Thursday, September 25, 2008
WHEN THE COUNTRY'S best-known painter, Maqbool Fida Husain, inked a deal to sell 100 canvases for Rs.100 crores, he concluded the biggest transaction in the history of Indian contemporary art. The significance of this humungous deal — which gives the rights of a series of paintings on the theme "Our Planet Our Earth" to a Mumbai-based industrialist — goes well beyond the interests of the two parties involved in it. A transaction of this scale can provide the much-needed impetus to the market for contemporary Indian art — one that has been growing steadily over the years but, in global terms, still very much in its infancy. It could help in establishing new benchmarks in the pricing of Indian art, which is undervalued in the global market, and provide a further dash of confidence to dealers, art collectors and others who want to dabble in what is an emerging market. Significantly, the Mumbai industrialist, Guru Swarup Srivatsava, who has agreed to buy the paintings, had an eye on nothing but the bottomline. He is not an art collector but an investor in the futures market; someone who has admitted to perceiving iron ore and art in the very same way and who apparently showed an interest in the latter only because he felt it was better to put his money into "intellectual property rather than land."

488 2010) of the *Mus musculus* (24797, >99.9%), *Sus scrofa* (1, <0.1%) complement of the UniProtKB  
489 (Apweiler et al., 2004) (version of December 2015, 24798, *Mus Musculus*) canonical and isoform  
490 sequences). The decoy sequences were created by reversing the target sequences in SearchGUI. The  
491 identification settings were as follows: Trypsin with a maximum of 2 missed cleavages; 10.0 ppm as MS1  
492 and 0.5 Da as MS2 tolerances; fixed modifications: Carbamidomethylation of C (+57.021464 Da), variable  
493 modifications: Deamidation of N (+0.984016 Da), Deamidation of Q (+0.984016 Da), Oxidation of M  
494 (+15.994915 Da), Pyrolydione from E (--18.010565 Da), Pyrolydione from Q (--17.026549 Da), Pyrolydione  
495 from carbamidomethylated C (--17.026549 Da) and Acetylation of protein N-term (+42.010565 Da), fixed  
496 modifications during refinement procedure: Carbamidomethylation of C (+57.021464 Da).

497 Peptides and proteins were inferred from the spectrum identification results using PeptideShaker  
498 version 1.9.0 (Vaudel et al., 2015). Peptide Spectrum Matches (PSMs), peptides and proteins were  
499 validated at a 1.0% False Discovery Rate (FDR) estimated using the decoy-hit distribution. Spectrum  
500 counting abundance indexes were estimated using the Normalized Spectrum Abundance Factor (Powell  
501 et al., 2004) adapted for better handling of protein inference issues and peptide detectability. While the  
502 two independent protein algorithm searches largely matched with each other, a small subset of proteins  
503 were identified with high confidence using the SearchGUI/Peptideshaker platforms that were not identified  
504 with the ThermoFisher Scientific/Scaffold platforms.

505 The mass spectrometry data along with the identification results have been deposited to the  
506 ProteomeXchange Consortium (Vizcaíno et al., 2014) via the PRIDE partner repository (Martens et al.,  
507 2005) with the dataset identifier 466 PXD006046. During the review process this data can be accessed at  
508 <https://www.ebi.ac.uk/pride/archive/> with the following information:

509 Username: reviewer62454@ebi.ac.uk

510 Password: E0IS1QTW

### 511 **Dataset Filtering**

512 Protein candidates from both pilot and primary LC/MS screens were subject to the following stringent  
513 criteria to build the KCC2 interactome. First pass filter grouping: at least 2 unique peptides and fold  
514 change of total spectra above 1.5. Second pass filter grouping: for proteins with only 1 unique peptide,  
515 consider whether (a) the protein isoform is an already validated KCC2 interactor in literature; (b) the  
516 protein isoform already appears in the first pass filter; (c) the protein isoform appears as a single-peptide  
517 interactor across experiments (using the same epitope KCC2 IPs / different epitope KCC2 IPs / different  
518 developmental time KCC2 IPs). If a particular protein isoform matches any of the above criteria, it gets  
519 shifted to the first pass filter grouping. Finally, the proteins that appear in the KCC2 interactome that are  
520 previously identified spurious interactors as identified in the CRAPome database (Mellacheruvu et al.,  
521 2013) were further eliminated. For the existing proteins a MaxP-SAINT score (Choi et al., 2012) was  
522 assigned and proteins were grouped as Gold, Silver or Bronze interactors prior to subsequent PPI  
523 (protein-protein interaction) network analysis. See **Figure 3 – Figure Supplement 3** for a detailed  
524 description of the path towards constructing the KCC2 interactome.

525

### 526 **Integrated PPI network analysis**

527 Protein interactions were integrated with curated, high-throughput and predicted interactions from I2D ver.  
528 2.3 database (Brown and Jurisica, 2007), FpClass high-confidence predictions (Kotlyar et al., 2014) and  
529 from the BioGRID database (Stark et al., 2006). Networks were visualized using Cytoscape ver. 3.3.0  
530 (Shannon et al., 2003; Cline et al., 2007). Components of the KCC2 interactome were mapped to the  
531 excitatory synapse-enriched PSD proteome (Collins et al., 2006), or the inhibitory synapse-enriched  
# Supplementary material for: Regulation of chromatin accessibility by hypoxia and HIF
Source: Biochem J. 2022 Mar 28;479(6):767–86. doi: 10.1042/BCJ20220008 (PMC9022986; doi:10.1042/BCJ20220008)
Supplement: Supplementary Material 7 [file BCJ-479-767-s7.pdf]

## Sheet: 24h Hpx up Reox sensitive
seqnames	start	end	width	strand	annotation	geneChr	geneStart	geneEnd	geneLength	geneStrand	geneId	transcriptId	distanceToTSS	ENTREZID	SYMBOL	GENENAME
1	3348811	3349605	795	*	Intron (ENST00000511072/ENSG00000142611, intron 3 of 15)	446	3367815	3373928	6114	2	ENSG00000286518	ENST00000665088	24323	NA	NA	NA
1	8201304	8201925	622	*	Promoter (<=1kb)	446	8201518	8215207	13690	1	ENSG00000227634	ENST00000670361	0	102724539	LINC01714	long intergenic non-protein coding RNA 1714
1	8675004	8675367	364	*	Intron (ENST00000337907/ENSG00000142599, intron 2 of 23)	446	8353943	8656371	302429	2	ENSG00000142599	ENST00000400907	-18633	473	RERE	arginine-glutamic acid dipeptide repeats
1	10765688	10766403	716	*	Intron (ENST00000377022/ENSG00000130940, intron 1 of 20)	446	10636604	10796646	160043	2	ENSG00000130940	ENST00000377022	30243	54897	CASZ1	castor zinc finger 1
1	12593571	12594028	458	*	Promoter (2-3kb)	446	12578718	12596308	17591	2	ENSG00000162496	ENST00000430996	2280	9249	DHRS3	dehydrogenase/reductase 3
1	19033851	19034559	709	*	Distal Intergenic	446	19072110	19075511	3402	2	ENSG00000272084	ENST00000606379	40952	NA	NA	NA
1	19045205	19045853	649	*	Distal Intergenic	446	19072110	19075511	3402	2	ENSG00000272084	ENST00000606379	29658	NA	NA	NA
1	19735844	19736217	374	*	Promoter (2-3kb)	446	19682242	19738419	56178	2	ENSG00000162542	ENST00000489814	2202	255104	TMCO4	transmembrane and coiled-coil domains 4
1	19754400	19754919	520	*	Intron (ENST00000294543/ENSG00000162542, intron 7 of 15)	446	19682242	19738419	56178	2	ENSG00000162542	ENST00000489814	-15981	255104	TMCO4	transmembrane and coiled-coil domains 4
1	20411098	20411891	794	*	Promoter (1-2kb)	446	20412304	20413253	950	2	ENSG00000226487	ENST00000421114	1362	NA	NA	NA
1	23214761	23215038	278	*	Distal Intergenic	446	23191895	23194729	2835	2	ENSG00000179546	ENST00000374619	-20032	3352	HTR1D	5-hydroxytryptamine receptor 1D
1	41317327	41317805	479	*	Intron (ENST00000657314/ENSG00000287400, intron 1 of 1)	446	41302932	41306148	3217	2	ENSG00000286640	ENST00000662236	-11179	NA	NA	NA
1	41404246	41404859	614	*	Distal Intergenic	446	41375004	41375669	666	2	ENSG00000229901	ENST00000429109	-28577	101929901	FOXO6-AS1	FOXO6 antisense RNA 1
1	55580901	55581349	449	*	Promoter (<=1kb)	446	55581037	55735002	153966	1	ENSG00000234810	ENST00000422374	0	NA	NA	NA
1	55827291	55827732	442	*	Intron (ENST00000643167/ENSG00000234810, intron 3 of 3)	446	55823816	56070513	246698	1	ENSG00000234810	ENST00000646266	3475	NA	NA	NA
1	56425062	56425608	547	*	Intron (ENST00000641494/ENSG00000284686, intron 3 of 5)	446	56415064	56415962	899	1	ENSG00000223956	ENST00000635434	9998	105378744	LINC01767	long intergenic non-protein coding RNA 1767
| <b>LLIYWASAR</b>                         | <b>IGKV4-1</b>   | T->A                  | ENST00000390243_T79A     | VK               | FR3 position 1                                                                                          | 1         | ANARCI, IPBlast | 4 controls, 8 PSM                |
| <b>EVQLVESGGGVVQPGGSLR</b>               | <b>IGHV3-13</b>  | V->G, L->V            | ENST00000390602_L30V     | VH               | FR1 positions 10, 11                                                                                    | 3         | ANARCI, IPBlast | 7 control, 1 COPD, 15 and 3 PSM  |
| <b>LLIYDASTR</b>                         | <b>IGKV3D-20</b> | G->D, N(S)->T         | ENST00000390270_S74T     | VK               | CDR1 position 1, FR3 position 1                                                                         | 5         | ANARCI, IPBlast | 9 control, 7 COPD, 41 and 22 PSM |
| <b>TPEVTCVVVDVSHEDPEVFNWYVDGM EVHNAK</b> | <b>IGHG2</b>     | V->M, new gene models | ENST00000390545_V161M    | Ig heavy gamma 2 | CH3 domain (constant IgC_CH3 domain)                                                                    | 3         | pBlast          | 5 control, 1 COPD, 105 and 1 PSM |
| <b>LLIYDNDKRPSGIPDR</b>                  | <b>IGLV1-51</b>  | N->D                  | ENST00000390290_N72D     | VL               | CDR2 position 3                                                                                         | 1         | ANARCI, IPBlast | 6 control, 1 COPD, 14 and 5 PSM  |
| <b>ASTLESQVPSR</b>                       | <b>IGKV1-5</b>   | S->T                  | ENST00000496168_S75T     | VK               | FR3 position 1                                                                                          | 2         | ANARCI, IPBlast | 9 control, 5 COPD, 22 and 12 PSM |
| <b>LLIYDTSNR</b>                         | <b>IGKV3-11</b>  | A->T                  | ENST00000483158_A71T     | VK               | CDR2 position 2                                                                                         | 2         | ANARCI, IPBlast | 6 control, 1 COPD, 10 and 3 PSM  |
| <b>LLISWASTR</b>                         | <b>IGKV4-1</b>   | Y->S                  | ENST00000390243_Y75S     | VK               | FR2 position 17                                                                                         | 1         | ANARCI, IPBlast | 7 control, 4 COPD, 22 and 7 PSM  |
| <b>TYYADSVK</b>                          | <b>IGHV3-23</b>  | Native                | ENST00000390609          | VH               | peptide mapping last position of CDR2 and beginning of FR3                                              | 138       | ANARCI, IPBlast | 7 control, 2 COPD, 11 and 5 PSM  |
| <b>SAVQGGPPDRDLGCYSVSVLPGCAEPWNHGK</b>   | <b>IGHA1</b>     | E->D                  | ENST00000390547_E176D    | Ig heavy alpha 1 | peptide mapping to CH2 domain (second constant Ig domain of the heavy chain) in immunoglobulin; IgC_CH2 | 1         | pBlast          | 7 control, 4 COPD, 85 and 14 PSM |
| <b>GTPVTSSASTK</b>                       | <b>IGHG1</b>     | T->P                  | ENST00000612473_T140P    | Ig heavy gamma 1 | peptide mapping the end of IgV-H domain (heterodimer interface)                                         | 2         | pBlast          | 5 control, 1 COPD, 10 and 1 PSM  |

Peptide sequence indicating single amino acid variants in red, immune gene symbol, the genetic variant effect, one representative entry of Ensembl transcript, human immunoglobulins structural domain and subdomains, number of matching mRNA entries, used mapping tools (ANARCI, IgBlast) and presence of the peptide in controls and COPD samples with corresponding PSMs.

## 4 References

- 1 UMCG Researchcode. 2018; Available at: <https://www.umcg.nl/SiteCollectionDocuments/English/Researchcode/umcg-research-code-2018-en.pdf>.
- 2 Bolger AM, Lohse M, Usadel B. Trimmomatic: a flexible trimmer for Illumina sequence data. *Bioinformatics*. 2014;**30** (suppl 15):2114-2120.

Art markets around the world are driven by such cold commercial calculation rather than airy sentiment. It is much too premature, and possibly erroneous, to conclude that this transaction will raise valuations of Indian painting in general. But it will certainly lead to greater international attention being paid to the country's contemporary art — a rich tradition that dates back to the painters of the so-called Company School such as Raja Ravi Varma, the revivalists of the Bengal school who breathed new life into painting such as Abanindranath Tagore, and the more recent and contemporary crop of artists who draw their inspiration from varied sources and belong to diverse genres. The value of contemporary art has been closely linked to international interest; prices of canvases by Indian painters surged after international auctions were launched in the mid-1990s. The entry of auction houses such as Sotheby's and Christie's has fuelled considerable interest and prices of works by some major painters have shown a sustained increase, sometimes as much as by 20 per cent annually.